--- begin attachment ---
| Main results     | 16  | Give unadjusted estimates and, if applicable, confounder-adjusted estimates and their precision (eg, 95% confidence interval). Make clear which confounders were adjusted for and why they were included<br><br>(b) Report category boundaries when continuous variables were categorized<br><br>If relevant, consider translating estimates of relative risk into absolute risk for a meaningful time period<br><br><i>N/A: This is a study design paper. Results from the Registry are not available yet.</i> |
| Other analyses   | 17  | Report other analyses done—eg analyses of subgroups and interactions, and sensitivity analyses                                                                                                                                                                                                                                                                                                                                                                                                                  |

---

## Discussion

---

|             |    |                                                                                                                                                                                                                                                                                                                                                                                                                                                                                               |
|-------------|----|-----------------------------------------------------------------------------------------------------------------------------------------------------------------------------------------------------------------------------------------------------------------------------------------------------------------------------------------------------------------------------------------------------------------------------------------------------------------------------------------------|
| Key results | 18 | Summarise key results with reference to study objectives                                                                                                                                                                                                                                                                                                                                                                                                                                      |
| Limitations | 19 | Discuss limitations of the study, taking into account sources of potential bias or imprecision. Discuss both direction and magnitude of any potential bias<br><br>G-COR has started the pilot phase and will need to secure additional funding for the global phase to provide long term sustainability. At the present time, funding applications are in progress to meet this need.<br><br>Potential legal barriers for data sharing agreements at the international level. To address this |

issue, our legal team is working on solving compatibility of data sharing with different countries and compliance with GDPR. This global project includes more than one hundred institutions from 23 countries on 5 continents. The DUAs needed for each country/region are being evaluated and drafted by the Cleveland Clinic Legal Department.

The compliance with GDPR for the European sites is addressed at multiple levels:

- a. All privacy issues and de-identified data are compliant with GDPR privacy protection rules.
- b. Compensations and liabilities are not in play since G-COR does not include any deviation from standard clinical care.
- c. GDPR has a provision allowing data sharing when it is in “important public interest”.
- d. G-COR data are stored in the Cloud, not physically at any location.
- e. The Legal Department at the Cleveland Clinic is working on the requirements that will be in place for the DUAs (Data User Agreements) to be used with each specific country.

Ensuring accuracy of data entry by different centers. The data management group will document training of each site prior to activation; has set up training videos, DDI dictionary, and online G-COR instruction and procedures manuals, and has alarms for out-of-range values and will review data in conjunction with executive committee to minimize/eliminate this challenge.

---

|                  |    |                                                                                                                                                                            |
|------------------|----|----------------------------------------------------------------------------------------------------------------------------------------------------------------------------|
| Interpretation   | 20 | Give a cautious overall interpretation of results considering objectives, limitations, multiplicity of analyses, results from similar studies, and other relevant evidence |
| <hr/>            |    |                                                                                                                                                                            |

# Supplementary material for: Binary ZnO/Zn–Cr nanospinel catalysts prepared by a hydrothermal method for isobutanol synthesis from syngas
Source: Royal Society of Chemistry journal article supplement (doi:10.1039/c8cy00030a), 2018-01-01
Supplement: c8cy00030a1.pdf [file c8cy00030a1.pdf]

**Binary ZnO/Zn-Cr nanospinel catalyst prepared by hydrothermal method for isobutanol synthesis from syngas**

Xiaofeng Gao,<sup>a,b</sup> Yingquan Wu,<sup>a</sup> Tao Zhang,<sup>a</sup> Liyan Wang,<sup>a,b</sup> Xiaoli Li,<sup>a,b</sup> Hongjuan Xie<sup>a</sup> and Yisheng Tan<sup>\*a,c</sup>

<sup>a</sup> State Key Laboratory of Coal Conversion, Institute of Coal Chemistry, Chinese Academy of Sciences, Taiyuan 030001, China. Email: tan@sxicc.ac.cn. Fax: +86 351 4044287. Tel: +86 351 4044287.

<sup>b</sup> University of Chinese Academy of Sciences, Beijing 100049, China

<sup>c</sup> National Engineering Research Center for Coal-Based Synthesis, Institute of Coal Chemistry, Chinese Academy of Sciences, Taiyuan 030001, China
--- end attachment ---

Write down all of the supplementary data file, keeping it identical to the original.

| Main results     | 16  | Give unadjusted estimates and, if applicable, confounder-adjusted estimates and their precision (eg, 95% confidence interval). Make clear which confounders were adjusted for and why they were included<br><br>(b) Report category boundaries when continuous variables were categorized<br><br>If relevant, consider translating estimates of relative risk into absolute risk for a meaningful time period<br><br><i>N/A: This is a study design paper. Results from the Registry are not available yet.</i> |
| Other analyses   | 17  | Report other analyses done—eg analyses of subgroups and interactions, and sensitivity analyses                                                                                                                                                                                                                                                                                                                                                                                                                  |

---

## Discussion

---

|             |    |                                                                                                                                                                                                                                                                                                                                                                                                                                                                                               |
|-------------|----|-----------------------------------------------------------------------------------------------------------------------------------------------------------------------------------------------------------------------------------------------------------------------------------------------------------------------------------------------------------------------------------------------------------------------------------------------------------------------------------------------|
| Key results | 18 | Summarise key results with reference to study objectives                                                                                                                                                                                                                                                                                                                                                                                                                                      |
| Limitations | 19 | Discuss limitations of the study, taking into account sources of potential bias or imprecision. Discuss both direction and magnitude of any potential bias<br><br>G-COR has started the pilot phase and will need to secure additional funding for the global phase to provide long term sustainability. At the present time, funding applications are in progress to meet this need.<br><br>Potential legal barriers for data sharing agreements at the international level. To address this |

issue, our legal team is working on solving compatibility of data sharing with different countries and compliance with GDPR. This global project includes more than one hundred institutions from 23 countries on 5 continents. The DUAs needed for each country/region are being evaluated and drafted by the Cleveland Clinic Legal Department.

The compliance with GDPR for the European sites is addressed at multiple levels:

- a. All privacy issues and de-identified data are compliant with GDPR privacy protection rules.
- b. Compensations and liabilities are not in play since G-COR does not include any deviation from standard clinical care.
- c. GDPR has a provision allowing data sharing when it is in “important public interest”.
- d. G-COR data are stored in the Cloud, not physically at any location.
- e. The Legal Department at the Cleveland Clinic is working on the requirements that will be in place for the DUAs (Data User Agreements) to be used with each specific country.

Ensuring accuracy of data entry by different centers. The data management group will document training of each site prior to activation; has set up training videos, DDI dictionary, and online G-COR instruction and procedures manuals, and has alarms for out-of-range values and will review data in conjunction with executive committee to minimize/eliminate this challenge.

---

|                  |    |                                                                                                                                                                            |
|------------------|----|----------------------------------------------------------------------------------------------------------------------------------------------------------------------------|
| Interpretation   | 20 | Give a cautious overall interpretation of results considering objectives, limitations, multiplicity of analyses, results from similar studies, and other relevant evidence |
| <hr/>            |    |                                                                                                                                                                            |

# Supplementary material for: Binary ZnO/Zn–Cr nanospinel catalysts prepared by a hydrothermal method for isobutanol synthesis from syngas
Source: Royal Society of Chemistry journal article supplement (doi:10.1039/c8cy00030a), 2018-01-01
Supplement: c8cy00030a1.pdf [file c8cy00030a1.pdf]

**Binary ZnO/Zn-Cr nanospinel catalyst prepared by hydrothermal method for isobutanol synthesis from syngas**

Xiaofeng Gao,<sup>a,b</sup> Yingquan Wu,<sup>a</sup> Tao Zhang,<sup>a</sup> Liyan Wang,<sup>a,b</sup> Xiaoli Li,<sup>a,b</sup> Hongjuan Xie<sup>a</sup> and Yisheng Tan<sup>\*a,c</sup>

<sup>a</sup> State Key Laboratory of Coal Conversion, Institute of Coal Chemistry, Chinese Academy of Sciences, Taiyuan 030001, China. Email: tan@sxicc.ac.cn. Fax: +86 351 4044287. Tel: +86 351 4044287.

<sup>b</sup> University of Chinese Academy of Sciences, Beijing 100049, China

<sup>c</sup> National Engineering Research Center for Coal-Based Synthesis, Institute of Coal Chemistry, Chinese Academy of Sciences, Taiyuan 030001, China